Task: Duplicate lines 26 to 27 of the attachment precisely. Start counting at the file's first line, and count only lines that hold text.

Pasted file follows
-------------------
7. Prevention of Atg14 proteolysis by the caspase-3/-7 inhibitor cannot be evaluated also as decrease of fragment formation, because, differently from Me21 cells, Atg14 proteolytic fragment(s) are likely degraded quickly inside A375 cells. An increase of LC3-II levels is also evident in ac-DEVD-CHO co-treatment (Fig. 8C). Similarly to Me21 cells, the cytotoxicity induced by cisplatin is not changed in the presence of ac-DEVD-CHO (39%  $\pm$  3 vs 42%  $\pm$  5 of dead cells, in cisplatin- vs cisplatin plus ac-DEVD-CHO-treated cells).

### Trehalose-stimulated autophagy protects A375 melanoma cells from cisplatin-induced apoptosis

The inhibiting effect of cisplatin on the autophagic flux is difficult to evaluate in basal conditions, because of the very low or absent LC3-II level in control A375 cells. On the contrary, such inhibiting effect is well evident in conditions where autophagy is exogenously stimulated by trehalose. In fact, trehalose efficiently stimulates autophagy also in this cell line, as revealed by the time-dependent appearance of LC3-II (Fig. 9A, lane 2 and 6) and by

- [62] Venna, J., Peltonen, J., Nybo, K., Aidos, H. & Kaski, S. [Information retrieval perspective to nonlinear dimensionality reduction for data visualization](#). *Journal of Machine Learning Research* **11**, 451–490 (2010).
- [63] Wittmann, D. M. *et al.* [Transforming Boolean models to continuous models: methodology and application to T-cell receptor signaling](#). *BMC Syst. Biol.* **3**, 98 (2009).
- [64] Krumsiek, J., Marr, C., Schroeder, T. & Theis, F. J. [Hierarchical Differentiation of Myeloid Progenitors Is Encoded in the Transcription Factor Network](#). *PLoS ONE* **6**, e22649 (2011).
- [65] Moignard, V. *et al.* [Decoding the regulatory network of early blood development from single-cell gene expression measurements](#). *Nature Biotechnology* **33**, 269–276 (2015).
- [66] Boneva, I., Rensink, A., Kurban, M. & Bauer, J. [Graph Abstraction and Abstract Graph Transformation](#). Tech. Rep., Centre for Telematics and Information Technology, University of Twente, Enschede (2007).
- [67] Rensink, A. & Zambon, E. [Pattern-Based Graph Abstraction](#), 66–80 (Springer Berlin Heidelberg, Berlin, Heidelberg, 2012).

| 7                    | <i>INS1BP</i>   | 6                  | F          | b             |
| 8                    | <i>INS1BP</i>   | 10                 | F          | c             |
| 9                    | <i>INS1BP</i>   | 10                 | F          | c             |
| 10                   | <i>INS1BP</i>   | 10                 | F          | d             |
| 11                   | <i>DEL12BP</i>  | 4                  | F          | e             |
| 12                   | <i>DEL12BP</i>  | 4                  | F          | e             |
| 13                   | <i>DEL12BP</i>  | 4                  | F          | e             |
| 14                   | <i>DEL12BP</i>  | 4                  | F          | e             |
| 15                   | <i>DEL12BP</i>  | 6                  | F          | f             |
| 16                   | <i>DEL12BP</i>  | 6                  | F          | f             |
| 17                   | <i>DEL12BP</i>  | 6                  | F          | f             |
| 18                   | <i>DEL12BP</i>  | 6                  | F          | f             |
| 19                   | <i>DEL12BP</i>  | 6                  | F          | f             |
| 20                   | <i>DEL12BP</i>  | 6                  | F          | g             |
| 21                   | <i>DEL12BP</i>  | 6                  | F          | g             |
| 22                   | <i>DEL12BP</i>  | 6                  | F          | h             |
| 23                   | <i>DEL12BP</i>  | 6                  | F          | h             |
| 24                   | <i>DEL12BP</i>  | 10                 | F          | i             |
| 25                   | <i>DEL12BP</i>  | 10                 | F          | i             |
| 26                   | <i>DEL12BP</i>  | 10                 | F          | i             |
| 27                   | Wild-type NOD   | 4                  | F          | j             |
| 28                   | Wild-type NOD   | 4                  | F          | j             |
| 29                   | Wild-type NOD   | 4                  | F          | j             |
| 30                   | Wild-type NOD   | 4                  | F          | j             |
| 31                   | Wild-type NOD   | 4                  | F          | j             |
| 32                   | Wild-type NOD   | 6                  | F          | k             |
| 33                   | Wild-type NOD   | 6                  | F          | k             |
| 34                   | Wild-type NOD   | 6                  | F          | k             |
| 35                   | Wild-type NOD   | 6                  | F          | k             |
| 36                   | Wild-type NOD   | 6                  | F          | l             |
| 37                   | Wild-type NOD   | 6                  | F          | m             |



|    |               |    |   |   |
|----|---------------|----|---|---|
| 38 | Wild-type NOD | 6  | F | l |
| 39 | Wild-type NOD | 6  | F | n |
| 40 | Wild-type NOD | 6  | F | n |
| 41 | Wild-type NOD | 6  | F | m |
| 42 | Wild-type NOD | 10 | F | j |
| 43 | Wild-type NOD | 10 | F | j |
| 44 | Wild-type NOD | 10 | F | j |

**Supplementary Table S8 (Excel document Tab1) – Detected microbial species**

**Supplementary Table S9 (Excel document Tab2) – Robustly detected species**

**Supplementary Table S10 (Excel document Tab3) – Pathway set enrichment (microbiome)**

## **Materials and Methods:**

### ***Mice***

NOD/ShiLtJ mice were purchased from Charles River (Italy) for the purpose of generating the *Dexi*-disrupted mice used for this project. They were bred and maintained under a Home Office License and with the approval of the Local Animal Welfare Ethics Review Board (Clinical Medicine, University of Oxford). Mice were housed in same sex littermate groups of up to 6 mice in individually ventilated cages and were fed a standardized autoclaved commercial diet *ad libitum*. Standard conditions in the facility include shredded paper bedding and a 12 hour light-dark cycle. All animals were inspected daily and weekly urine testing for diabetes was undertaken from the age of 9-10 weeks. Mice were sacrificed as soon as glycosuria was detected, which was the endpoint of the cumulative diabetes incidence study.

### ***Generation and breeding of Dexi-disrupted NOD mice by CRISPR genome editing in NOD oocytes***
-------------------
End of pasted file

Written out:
| 23                   | <i>DEL12BP</i>  | 6                  | F          | h             |
| 24                   | <i>DEL12BP</i>  | 10                 | F          | i             |